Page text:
In both cases, CardFellow and Merchant Cost Consultants have services that will do the legwork for you, which is one way to get the best deal. However, Dwyer and Rej would still advise you to have a rudimentary understanding of everything. If you go it alone, remember a few things that might help you get a better deal:
Keeping a Better Deal
Once you have signed a great deal with your credit card processing company, you are done, right?
Not so fast.
"The biggest mistake that dental practices tend to make is not looking at the statements," Dwyer says.
A common misconception in the industry is that the total cost resulting from a quote, called the effective rate, can be calculated ahead of time. However, this is only an estimate. Too many unknown variables exist to give an exact percentage. Dwyer says interchange and assessment charges qualify on a per-transaction basis, and you don't know the final cost until the transaction is settled.
"No processor can tell the future. They can only estimate the effective rate you will pay," Dwyer explains. "The important thing you're looking at in a statement is whether the markup is consistent."
Dwyer and Rej both say that many contracts have clauses that the card processor can raise rates whenever they want. So, the rates can increase even if you have reasonable intitial pricing in the agreement. Dwyer says processors include these notifications with a lot of tedious information in the notification section, like interchange and assessment updates.
"Typically, they'll put a payment message at the bottom of the merchant statement that says, 'We're increasing your fee in two months. If you do not agree to this, you can cancel without penalty in the next 30 days,'" Rej says. "Those are things you must look out for; it's one thing to get good pricing; it's another to keep it."
If you don't read the statement, Dwyer and Rej suggest calculating the effective monthly rate by dividing the fee amount by the total transactions. The answer is the effective rate you pay.
"Every month that should stay relatively consistent for a dental practice, in the 1.6% to 1.9% range for a practice with competitive pricing," Dwyer says, adding that the actual number varies depending upon a few variables about the cards used. "Ideally, you want to look at every line of the statement and go through it, but I understand that seldom happens. So, calculate the effective rate, write it on top of the statement and move on. Then, if it's higher than normal, figure out why."
"If you don't do it at least quarterly or every other month, or at a bare minimum every 6 months, you are susceptible to these price increases," Rej agrees.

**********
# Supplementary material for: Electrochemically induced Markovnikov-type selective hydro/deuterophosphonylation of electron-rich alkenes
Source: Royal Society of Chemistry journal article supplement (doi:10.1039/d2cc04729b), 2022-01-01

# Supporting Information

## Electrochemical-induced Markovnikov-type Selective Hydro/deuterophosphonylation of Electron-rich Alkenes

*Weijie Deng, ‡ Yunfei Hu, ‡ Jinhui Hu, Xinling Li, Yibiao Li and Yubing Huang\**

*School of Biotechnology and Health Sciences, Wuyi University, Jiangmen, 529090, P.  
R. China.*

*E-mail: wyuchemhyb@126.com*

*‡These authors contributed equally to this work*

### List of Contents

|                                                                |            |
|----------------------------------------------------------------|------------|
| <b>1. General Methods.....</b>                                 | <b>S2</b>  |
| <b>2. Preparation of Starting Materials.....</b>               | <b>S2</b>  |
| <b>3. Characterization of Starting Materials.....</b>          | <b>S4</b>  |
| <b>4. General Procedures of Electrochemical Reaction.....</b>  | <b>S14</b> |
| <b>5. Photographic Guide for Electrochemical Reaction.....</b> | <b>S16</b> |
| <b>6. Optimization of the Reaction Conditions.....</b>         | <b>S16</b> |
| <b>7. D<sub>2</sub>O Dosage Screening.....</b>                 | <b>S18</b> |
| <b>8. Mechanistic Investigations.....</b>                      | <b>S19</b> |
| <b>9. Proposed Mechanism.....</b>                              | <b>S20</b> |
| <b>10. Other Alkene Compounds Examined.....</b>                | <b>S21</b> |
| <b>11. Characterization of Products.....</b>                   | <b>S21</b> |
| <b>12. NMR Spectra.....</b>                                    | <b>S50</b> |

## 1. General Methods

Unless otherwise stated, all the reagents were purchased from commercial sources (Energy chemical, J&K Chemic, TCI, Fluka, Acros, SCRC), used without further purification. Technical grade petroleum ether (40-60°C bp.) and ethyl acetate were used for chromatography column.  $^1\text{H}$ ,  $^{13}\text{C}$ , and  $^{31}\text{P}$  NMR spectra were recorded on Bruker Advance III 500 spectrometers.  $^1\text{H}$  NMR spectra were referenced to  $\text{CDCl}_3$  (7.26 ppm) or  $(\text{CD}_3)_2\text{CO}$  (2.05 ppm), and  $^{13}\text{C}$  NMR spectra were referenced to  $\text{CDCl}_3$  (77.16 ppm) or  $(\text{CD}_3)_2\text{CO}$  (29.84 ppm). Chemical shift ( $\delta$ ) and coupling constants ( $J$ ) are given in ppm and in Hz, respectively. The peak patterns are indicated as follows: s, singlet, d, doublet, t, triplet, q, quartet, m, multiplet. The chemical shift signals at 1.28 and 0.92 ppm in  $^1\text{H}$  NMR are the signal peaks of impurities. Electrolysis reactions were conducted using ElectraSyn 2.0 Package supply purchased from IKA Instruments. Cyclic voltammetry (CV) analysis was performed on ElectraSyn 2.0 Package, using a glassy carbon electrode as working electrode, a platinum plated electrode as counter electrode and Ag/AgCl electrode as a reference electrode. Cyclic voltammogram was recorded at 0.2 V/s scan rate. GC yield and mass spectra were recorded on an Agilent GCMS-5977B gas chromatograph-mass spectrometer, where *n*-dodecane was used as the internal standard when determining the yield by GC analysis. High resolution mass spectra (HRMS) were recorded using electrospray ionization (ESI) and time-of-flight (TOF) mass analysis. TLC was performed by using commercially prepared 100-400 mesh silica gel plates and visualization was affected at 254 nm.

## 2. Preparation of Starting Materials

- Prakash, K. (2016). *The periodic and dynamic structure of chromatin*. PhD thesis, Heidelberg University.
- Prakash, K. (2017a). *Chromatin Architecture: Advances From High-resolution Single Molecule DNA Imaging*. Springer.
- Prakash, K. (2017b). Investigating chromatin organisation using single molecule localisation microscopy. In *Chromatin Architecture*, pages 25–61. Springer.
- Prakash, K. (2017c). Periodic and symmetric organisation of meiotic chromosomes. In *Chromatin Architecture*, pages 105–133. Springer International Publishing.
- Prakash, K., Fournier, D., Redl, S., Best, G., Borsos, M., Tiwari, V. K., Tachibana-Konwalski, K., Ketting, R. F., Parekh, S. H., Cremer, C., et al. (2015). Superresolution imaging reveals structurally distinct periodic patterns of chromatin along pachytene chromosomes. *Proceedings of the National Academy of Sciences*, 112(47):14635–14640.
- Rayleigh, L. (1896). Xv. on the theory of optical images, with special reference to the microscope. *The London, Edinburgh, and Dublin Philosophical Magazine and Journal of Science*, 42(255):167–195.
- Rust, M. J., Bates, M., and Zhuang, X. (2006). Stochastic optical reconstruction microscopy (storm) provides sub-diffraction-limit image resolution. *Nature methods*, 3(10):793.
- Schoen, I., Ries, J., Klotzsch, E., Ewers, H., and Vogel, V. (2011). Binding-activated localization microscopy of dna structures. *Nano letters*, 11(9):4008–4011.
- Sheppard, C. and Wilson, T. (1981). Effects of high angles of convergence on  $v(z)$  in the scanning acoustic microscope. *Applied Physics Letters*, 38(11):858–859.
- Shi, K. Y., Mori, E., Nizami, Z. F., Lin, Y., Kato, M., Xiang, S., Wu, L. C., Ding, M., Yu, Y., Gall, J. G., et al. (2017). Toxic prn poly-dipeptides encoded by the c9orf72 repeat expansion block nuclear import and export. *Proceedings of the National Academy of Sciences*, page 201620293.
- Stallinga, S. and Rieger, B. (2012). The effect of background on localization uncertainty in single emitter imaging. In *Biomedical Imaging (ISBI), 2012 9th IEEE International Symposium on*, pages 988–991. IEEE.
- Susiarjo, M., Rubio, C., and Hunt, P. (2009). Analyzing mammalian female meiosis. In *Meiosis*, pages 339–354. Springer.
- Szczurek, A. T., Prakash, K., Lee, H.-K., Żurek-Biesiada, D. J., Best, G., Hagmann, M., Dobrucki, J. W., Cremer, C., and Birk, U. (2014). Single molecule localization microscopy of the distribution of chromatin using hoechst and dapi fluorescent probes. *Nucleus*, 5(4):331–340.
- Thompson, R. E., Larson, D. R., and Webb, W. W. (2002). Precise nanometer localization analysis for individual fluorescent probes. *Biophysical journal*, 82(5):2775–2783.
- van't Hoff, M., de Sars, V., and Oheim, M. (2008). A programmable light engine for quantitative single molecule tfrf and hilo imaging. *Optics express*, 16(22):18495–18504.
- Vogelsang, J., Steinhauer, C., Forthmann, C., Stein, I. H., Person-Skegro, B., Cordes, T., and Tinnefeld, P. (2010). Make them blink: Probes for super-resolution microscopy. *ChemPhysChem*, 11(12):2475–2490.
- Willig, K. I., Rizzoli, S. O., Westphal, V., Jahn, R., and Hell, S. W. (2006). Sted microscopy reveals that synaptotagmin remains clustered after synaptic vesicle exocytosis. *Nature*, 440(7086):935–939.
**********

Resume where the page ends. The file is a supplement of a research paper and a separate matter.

Merchant Cost Consultants will do a monthly audit with software and manually. Rej says they look at every card taken at the practice to determine the type of card used, the cost of it, and the markup involved with it. They also note fee fluctuations in VISA, Mastercard, and other brands.
What You Should Know about PCI DSS and HIPAA Compliance
One fee that affects the effective rate paid each month is Payment Card Industry Data Security Standard (PCI DSS) compliance. PCI DSS are fees assessed if the practice does not validate compliance per PCI DSS guidelines.
There are 6 requirement categories for PCI DSS, which include:1
The processor sends a monthly survey to assess the data security standards of the practice. The processor adds a fee if the practice doesn't turn it in or answers a question wrong. Rej has seen a range of costs for non-PCI DSS compliance, from $30 to $200 a month. Regardless of compliance, some processors also a monthly fee for the PCI DSS program charges.
"Most doctors have no idea how this works," Rej says. "And, again, this is one little item in the whole scope of running a business that you must do, and it takes up so much time if you don't know what you are doing."
"This is a good thing to ask when a practice is looking at processors," Dwyer says. "Discover what assistance they get with PCI. For example, most processors will partner with a qualified security assessor to assist in getting practice compliant. So that help does exist."
Dwyer writes that many practices are concerned about HIPAA compliance when they set up credit card processing. However, at a basic level, the activities around accepting cards for payment are not part of the HIPAA compliance requirements. The Health and Human Services website explains that it is because these are "normal" banking or financial transaction services.1
Exceptions to this might occur if the card processor handles things like invoicing or patient management for the practice, then their activities would fall under HIPAA requirements. In this case, that means signing a business agreement with the company.
Also, the card processor should not receive sensitive patient information. Per Dwyer, this means leaving off any comments or notes in the online payment form, including follow-up visits or treatment details.1
In addition, the card process shouldn't send a receipt to patients in an unsecured channel. For example, they cannot text receipts or send them in an unencrypted email. Dwyer writes that the dental practice should discuss how receipts are provided to patients and double-check that any settings set for those receipt delivery systems are changed.
"HIPAA is much less sensitive than you'd think," Dwyer says. "It doesn't have a lot to do with payments."
The Key Takeaways for Keeping It in the Cards
Rej says the time spent learning how it works, how different cards get different rates, and other details are worth it. Whether you use a consultant or negotiate on your own behalf, this knowledge will serve you well.
"Go online," Rej says. "There's a ton of information about how credit card processing pricing works, and understanding that is a huge leg up to get good pricing at the get-go."
Dwyer agrees, adding that the payments industry is competitive. Dental practices can leverage that to get a better deal than the first offer.
"Don't think that because you call a payment processor, and they have pricing posted online that it's not flexible," Dwyer says. "It's always flexible."